Dr. Who & The Daleks (1965)
Back in the mid-sixties, when the world was in the grip of Beatlemania, Milton Subotsky and Max Rosenberg of Amicus Productions invested in a different ‘mania’ that was sweeping the UK. Acquiring the rights to bringing Terry Nation’s creations to the big screen, they freed the Daleks from black and white TV’s and unleashed them in glorious full-colour Techniscope. At home on the telly, the first Doctor was being played by the wispy white-haired William Hartnell. Even though he could time-travel, Messrs Subotsky and Rosenberg didn’t feel Hartnell could cross the pond and brought in the venerable Hammer stalwart Peter Cushing who was better known to US audiences.
In adapting the character for the big screen, the Doctor is stripped of his alien status and is merely an eccentric inventor and kindly grandfather whose surname happens to be ‘Who’. We are introduced to his granddaughters in a nicely staged domestic scene where the camera pans from the younger granddaughter Susan (Roberta Tovey), across to older sister Barbara (Jennie Linden) – both reading scientific manuals – before settling on Cushing who is engrossed in a comic. Enter Barbara’s nervous and clumsy boyfriend Ian (Roy Castle) who is invited by the Doctor to step out into the garden to see his latest invention: a time-travelling police box known as T.A.R.D.I.S. Before you know it, Ian and the Who family are flung into futuristic space and end up on the planet Skaro. Here they encounter a peaceful race called the Thals who live in the shadow of nuclear attack from the planet’s other residents – the Daleks.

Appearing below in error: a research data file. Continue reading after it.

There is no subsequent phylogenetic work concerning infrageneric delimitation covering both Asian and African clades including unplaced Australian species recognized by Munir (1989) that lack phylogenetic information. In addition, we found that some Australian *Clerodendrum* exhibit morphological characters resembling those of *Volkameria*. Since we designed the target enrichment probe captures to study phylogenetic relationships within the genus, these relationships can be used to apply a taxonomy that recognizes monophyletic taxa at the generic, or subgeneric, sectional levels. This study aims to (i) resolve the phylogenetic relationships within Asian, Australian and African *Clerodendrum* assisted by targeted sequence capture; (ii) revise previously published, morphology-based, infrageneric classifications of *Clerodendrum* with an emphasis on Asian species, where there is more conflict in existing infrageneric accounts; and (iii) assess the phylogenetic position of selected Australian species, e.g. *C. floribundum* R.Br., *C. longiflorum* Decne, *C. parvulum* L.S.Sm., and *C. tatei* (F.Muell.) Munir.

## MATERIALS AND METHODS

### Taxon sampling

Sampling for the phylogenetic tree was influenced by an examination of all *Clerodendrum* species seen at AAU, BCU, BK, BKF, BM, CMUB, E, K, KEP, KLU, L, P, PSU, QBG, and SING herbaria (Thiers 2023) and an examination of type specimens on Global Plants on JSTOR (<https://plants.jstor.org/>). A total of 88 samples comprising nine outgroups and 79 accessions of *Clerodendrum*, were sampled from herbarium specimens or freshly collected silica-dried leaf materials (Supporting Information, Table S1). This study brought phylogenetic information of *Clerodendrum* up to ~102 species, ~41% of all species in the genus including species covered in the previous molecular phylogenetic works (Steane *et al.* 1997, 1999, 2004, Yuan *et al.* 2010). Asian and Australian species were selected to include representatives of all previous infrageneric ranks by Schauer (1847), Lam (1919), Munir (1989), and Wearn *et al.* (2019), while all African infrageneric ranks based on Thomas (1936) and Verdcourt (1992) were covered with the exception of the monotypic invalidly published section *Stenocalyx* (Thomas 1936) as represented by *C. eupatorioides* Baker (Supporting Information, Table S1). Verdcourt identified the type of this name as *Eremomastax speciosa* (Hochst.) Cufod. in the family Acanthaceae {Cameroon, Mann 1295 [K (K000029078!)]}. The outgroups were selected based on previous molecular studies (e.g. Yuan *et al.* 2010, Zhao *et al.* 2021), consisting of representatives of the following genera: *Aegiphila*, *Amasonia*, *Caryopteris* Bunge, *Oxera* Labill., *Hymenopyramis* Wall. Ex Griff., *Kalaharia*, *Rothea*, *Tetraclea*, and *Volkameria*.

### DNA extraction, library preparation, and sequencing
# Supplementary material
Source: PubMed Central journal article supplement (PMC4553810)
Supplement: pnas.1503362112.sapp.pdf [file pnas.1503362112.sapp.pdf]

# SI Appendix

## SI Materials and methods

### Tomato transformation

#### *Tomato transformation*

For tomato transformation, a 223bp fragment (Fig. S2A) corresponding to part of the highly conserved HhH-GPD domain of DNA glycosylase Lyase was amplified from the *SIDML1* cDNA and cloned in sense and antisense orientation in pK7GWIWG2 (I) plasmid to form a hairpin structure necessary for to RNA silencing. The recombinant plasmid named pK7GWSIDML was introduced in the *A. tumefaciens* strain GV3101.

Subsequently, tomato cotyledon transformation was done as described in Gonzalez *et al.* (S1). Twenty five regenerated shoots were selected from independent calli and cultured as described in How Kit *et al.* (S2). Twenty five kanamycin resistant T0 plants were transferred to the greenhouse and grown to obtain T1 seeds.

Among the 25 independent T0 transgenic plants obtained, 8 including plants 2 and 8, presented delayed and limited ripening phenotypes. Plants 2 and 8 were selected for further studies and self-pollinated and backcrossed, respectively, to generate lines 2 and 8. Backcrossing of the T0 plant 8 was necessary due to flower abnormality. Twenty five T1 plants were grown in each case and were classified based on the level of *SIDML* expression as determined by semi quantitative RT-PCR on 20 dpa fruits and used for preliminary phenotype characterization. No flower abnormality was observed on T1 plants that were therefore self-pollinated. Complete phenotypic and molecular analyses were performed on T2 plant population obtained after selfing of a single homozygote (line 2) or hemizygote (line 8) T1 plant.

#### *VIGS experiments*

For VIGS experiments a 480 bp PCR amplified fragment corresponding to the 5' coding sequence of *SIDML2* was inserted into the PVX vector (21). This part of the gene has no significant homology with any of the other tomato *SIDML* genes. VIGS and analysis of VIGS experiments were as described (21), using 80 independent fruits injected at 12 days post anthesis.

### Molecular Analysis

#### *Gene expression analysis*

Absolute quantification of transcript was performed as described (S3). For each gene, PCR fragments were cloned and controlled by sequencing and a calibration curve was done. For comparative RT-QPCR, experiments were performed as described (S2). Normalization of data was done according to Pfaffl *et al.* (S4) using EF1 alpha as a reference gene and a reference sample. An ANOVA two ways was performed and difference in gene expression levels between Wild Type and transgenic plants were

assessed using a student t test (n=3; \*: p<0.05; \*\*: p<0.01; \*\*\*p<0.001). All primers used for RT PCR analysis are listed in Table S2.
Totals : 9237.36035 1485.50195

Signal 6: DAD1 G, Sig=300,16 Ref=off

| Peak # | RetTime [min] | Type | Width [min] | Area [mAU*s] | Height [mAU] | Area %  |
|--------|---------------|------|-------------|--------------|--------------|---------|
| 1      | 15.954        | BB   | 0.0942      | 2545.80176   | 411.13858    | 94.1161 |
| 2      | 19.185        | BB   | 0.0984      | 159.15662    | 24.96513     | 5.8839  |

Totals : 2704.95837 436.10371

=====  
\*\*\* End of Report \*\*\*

The film suffers from being studio-bound and watching it today it has the feel of a big budget widescreen episode of original series Star Trek. The forest set is at least effectively lit with bold swathes of colour, although the mutated swamp creatures hinted at sadly never materialise. As for the titled baddies themselves, their metallic dialogue is delivered with hilariously over emphasised E-NUN-CI-A-TION. Originally the Daleks were supposed to shoot fire, but this was deemed too scary for children so instead they shoot (somewhat ironically) CO2 fire extinguishers. Acting honours go to the young Roberta Tovey who is convincing and delivers possibly the least annoying child performance of all time. Cushing is as reliable as ever and an honourable mention must also go to Barrie Ingham (Alydon - the leader of the Thals), who manages to retain his dignity despite being asked to wear ridiculous false eyelashes and a blond wig.
It all moves along at a fair clip, and never outstays its welcome. For a modern audience raised on a diet of Tennant and Smith breathlessly dashing from one state of the art effects set-piece to another the film provides quite a culture shock. But it’s a charming diversion on a wet Sunday afternoon for both Dr Who completists and casual viewers alike. The re-mastered Blu-ray image is pin-sharp and colour-rich, highlighting every detail on display (including the obvious matte work). The Techniscope film grain is of course present throughout, but this, coupled with the decision not to upgrade the original mono soundtrack, adds an authentically nostalgic feel to the viewing experience. First published on Fleapits & Picture Palaces.